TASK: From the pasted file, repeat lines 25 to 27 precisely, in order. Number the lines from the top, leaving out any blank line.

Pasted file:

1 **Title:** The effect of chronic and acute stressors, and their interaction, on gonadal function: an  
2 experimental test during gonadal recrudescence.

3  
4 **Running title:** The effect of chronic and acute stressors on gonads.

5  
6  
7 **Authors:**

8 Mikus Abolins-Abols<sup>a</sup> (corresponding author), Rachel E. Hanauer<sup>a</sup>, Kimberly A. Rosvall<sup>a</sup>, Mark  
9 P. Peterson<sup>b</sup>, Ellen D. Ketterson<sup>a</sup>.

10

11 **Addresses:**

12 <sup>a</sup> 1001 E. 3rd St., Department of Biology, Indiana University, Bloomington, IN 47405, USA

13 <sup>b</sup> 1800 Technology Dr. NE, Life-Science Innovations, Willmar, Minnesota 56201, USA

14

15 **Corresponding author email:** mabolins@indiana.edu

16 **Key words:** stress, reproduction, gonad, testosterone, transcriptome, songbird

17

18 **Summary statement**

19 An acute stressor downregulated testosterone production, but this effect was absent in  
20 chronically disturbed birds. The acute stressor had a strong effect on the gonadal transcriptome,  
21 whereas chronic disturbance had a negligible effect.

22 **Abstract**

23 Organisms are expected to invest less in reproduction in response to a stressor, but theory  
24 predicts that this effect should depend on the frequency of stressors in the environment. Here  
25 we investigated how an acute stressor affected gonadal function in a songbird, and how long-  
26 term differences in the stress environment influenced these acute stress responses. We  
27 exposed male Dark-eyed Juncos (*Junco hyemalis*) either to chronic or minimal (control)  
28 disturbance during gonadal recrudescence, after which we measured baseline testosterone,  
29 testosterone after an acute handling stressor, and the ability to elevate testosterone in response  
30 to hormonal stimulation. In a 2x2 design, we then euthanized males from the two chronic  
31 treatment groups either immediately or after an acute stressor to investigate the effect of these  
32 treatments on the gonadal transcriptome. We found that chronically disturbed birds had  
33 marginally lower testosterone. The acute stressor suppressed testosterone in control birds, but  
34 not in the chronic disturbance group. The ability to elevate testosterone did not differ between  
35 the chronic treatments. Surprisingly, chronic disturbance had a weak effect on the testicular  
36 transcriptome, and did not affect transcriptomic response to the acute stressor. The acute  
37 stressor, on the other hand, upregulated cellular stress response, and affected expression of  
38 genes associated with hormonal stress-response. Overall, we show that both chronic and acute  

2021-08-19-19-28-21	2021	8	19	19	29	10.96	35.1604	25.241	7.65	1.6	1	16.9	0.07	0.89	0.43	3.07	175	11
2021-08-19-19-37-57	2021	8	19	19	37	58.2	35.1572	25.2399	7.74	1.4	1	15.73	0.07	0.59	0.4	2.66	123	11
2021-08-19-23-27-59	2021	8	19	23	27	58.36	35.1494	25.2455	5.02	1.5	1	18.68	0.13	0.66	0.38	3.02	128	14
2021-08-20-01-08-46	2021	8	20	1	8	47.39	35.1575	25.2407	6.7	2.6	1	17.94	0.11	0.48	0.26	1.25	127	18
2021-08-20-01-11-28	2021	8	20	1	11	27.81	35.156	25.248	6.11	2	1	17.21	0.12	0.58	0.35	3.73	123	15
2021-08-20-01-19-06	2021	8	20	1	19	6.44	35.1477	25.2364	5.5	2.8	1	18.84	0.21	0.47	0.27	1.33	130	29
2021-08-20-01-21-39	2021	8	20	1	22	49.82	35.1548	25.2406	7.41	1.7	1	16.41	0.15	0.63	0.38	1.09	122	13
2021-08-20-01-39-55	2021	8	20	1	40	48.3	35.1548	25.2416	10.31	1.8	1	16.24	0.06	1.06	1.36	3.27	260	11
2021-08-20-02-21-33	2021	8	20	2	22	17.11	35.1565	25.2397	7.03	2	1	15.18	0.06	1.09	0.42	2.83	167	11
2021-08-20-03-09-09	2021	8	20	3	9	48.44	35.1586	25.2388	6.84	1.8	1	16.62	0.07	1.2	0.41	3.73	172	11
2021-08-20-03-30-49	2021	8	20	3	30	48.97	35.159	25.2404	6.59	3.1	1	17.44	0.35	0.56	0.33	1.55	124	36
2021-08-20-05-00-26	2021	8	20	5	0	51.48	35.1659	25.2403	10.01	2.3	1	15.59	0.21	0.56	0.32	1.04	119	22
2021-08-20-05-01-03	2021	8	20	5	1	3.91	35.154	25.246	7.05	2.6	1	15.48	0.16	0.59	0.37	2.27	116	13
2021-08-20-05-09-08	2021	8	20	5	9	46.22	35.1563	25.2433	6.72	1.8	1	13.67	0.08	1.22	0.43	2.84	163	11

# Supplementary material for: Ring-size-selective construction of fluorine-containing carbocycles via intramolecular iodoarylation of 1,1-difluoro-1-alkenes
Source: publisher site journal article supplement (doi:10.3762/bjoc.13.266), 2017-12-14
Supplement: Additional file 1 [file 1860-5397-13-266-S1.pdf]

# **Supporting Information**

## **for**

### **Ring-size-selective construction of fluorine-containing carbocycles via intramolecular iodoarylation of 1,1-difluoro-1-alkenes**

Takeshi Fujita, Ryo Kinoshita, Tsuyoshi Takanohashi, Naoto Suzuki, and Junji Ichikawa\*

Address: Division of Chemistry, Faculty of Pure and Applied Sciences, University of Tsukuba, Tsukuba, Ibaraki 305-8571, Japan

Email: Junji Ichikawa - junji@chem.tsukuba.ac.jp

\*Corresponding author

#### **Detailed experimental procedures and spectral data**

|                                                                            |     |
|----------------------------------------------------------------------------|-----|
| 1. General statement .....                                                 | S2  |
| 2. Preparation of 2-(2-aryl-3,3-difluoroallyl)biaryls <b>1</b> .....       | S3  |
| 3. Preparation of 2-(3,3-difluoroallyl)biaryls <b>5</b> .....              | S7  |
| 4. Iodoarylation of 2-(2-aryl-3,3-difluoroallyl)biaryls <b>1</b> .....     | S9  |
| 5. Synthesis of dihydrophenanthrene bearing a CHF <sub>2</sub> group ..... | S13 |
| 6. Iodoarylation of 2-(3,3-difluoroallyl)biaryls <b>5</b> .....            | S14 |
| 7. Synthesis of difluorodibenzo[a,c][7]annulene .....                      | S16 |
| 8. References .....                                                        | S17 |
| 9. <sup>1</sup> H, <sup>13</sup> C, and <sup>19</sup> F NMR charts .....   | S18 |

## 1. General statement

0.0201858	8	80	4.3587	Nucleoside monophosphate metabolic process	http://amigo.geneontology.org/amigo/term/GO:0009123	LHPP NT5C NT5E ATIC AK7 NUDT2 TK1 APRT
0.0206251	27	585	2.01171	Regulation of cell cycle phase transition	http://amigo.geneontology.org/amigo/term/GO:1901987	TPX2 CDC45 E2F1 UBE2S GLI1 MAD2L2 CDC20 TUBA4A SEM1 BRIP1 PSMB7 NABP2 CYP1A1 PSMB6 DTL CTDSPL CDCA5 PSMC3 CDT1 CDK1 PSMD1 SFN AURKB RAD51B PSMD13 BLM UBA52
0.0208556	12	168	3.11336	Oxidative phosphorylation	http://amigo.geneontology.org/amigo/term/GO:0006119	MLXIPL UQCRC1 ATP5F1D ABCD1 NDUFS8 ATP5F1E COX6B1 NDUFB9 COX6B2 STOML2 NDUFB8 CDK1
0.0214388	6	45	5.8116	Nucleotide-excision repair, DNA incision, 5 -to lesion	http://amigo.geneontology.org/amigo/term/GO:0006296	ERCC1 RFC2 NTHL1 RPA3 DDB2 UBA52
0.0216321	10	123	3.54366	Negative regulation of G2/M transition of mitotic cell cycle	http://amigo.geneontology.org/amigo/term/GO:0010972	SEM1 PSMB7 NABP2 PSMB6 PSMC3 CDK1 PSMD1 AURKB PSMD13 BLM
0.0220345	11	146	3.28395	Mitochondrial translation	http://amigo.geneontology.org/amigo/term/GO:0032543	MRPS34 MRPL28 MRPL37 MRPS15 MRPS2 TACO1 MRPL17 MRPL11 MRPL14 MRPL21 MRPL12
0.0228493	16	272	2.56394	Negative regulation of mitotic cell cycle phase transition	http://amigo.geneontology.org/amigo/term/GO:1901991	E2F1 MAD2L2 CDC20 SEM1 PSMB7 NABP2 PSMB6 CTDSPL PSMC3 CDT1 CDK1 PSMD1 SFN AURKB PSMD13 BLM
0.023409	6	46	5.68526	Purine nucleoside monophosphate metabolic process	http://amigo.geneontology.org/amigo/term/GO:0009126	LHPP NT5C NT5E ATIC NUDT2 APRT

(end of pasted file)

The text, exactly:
25 we investigated how an acute stressor affected gonadal function in a songbird, and how long-  
26 term differences in the stress environment influenced these acute stress responses. We  
27 exposed male Dark-eyed Juncos (*Junco hyemalis*) either to chronic or minimal (control)  